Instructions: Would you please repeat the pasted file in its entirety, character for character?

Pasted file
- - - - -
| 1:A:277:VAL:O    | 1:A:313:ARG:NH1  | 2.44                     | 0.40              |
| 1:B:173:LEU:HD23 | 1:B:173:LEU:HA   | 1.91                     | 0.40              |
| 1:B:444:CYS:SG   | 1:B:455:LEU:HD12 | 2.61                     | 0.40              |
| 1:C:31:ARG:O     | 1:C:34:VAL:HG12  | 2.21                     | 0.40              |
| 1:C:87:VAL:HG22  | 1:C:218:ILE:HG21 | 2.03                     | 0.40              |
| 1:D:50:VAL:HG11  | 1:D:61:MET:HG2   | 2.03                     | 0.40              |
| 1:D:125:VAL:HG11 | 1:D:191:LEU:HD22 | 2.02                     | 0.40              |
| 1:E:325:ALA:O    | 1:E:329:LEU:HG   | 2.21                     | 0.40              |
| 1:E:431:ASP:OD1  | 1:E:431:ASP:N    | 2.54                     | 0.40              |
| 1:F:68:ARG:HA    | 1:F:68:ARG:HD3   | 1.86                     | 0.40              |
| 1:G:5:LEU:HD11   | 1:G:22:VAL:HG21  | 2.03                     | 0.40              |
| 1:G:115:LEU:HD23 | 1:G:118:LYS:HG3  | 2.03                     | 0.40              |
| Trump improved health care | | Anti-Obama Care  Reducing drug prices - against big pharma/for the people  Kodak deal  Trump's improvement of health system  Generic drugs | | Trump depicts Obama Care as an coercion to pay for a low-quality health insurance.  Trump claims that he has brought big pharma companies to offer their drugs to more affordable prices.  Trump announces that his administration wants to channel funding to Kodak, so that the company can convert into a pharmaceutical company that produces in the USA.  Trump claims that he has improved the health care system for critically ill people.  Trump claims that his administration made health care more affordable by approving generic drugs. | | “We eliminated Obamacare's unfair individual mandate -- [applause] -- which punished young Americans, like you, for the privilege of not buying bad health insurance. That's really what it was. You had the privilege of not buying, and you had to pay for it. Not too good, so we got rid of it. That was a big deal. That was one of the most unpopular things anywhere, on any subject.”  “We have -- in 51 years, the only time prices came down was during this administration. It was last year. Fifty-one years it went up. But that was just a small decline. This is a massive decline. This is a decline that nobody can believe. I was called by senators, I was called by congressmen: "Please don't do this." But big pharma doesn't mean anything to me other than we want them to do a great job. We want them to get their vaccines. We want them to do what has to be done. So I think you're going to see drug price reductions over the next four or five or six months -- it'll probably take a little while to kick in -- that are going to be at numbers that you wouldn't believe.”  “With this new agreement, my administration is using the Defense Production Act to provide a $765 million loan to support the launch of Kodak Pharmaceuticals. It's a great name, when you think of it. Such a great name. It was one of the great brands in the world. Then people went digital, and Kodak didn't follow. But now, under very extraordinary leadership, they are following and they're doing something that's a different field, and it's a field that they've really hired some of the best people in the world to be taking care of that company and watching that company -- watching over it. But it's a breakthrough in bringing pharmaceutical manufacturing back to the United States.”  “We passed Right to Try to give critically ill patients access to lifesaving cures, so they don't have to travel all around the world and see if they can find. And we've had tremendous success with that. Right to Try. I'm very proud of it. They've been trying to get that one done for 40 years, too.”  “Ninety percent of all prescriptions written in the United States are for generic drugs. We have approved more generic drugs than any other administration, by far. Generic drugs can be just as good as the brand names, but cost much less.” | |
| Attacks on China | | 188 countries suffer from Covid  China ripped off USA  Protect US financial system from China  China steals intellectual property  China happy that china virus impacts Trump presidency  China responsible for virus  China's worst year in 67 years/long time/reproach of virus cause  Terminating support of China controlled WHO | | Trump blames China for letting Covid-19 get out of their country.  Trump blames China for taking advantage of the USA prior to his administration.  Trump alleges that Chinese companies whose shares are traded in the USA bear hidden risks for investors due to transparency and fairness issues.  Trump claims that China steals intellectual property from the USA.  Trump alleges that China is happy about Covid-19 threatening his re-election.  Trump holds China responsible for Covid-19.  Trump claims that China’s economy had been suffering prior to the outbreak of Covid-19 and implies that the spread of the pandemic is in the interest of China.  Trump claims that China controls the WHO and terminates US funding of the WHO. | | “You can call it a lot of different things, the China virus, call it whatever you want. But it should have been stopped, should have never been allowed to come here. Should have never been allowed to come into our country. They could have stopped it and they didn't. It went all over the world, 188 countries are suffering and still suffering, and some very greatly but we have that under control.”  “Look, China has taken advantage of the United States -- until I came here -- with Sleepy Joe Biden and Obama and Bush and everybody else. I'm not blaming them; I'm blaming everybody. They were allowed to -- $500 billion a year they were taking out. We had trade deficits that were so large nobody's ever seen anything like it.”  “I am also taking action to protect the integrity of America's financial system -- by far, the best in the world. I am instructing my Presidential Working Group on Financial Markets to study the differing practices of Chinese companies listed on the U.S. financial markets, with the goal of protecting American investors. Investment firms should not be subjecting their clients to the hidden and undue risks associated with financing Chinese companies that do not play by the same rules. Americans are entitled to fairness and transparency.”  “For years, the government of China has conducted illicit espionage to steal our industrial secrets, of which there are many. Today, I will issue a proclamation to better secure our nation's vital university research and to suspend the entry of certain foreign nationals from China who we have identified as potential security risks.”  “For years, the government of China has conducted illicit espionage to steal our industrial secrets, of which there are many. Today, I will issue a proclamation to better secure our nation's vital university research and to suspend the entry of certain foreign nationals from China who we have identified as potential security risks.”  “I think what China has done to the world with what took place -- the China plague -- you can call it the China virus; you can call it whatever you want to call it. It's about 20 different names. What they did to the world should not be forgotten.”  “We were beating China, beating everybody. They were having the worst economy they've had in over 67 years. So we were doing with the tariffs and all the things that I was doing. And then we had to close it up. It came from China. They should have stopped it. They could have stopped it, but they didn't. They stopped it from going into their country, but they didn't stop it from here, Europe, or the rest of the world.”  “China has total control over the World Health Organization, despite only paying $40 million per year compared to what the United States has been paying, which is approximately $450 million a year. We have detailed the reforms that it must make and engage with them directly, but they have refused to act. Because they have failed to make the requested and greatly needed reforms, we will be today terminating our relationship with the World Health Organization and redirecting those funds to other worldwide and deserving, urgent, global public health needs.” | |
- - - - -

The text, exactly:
| 1:A:277:VAL:O    | 1:A:313:ARG:NH1  | 2.44                     | 0.40              |
| 1:B:173:LEU:HD23 | 1:B:173:LEU:HA   | 1.91                     | 0.40              |
| 1:B:444:CYS:SG   | 1:B:455:LEU:HD12 | 2.61                     | 0.40              |
| 1:C:31:ARG:O     | 1:C:34:VAL:HG12  | 2.21                     | 0.40              |
| 1:C:87:VAL:HG22  | 1:C:218:ILE:HG21 | 2.03                     | 0.40              |
| 1:D:50:VAL:HG11  | 1:D:61:MET:HG2   | 2.03                     | 0.40              |
| 1:D:125:VAL:HG11 | 1:D:191:LEU:HD22 | 2.02                     | 0.40              |
| 1:E:325:ALA:O    | 1:E:329:LEU:HG   | 2.21                     | 0.40              |
| 1:E:431:ASP:OD1  | 1:E:431:ASP:N    | 2.54                     | 0.40              |
| 1:F:68:ARG:HA    | 1:F:68:ARG:HD3   | 1.86                     | 0.40              |
| 1:G:5:LEU:HD11   | 1:G:22:VAL:HG21  | 2.03                     | 0.40              |
| 1:G:115:LEU:HD23 | 1:G:118:LYS:HG3  | 2.03                     | 0.40              |
| Trump improved health care | | Anti-Obama Care  Reducing drug prices - against big pharma/for the people  Kodak deal  Trump's improvement of health system  Generic drugs | | Trump depicts Obama Care as an coercion to pay for a low-quality health insurance.  Trump claims that he has brought big pharma companies to offer their drugs to more affordable prices.  Trump announces that his administration wants to channel funding to Kodak, so that the company can convert into a pharmaceutical company that produces in the USA.  Trump claims that he has improved the health care system for critically ill people.  Trump claims that his administration made health care more affordable by approving generic drugs. | | “We eliminated Obamacare's unfair individual mandate -- [applause] -- which punished young Americans, like you, for the privilege of not buying bad health insurance. That's really what it was. You had the privilege of not buying, and you had to pay for it. Not too good, so we got rid of it. That was a big deal. That was one of the most unpopular things anywhere, on any subject.”  “We have -- in 51 years, the only time prices came down was during this administration. It was last year. Fifty-one years it went up. But that was just a small decline. This is a massive decline. This is a decline that nobody can believe. I was called by senators, I was called by congressmen: "Please don't do this." But big pharma doesn't mean anything to me other than we want them to do a great job. We want them to get their vaccines. We want them to do what has to be done. So I think you're going to see drug price reductions over the next four or five or six months -- it'll probably take a little while to kick in -- that are going to be at numbers that you wouldn't believe.”  “With this new agreement, my administration is using the Defense Production Act to provide a $765 million loan to support the launch of Kodak Pharmaceuticals. It's a great name, when you think of it. Such a great name. It was one of the great brands in the world. Then people went digital, and Kodak didn't follow. But now, under very extraordinary leadership, they are following and they're doing something that's a different field, and it's a field that they've really hired some of the best people in the world to be taking care of that company and watching that company -- watching over it. But it's a breakthrough in bringing pharmaceutical manufacturing back to the United States.”  “We passed Right to Try to give critically ill patients access to lifesaving cures, so they don't have to travel all around the world and see if they can find. And we've had tremendous success with that. Right to Try. I'm very proud of it. They've been trying to get that one done for 40 years, too.”  “Ninety percent of all prescriptions written in the United States are for generic drugs. We have approved more generic drugs than any other administration, by far. Generic drugs can be just as good as the brand names, but cost much less.” | |
| Attacks on China | | 188 countries suffer from Covid  China ripped off USA  Protect US financial system from China  China steals intellectual property  China happy that china virus impacts Trump presidency  China responsible for virus  China's worst year in 67 years/long time/reproach of virus cause  Terminating support of China controlled WHO | | Trump blames China for letting Covid-19 get out of their country.  Trump blames China for taking advantage of the USA prior to his administration.  Trump alleges that Chinese companies whose shares are traded in the USA bear hidden risks for investors due to transparency and fairness issues.  Trump claims that China steals intellectual property from the USA.  Trump alleges that China is happy about Covid-19 threatening his re-election.  Trump holds China responsible for Covid-19.  Trump claims that China’s economy had been suffering prior to the outbreak of Covid-19 and implies that the spread of the pandemic is in the interest of China.  Trump claims that China controls the WHO and terminates US funding of the WHO. | | “You can call it a lot of different things, the China virus, call it whatever you want. But it should have been stopped, should have never been allowed to come here. Should have never been allowed to come into our country. They could have stopped it and they didn't. It went all over the world, 188 countries are suffering and still suffering, and some very greatly but we have that under control.”  “Look, China has taken advantage of the United States -- until I came here -- with Sleepy Joe Biden and Obama and Bush and everybody else. I'm not blaming them; I'm blaming everybody. They were allowed to -- $500 billion a year they were taking out. We had trade deficits that were so large nobody's ever seen anything like it.”  “I am also taking action to protect the integrity of America's financial system -- by far, the best in the world. I am instructing my Presidential Working Group on Financial Markets to study the differing practices of Chinese companies listed on the U.S. financial markets, with the goal of protecting American investors. Investment firms should not be subjecting their clients to the hidden and undue risks associated with financing Chinese companies that do not play by the same rules. Americans are entitled to fairness and transparency.”  “For years, the government of China has conducted illicit espionage to steal our industrial secrets, of which there are many. Today, I will issue a proclamation to better secure our nation's vital university research and to suspend the entry of certain foreign nationals from China who we have identified as potential security risks.”  “For years, the government of China has conducted illicit espionage to steal our industrial secrets, of which there are many. Today, I will issue a proclamation to better secure our nation's vital university research and to suspend the entry of certain foreign nationals from China who we have identified as potential security risks.”  “I think what China has done to the world with what took place -- the China plague -- you can call it the China virus; you can call it whatever you want to call it. It's about 20 different names. What they did to the world should not be forgotten.”  “We were beating China, beating everybody. They were having the worst economy they've had in over 67 years. So we were doing with the tariffs and all the things that I was doing. And then we had to close it up. It came from China. They should have stopped it. They could have stopped it, but they didn't. They stopped it from going into their country, but they didn't stop it from here, Europe, or the rest of the world.”  “China has total control over the World Health Organization, despite only paying $40 million per year compared to what the United States has been paying, which is approximately $450 million a year. We have detailed the reforms that it must make and engage with them directly, but they have refused to act. Because they have failed to make the requested and greatly needed reforms, we will be today terminating our relationship with the World Health Organization and redirecting those funds to other worldwide and deserving, urgent, global public health needs.” | |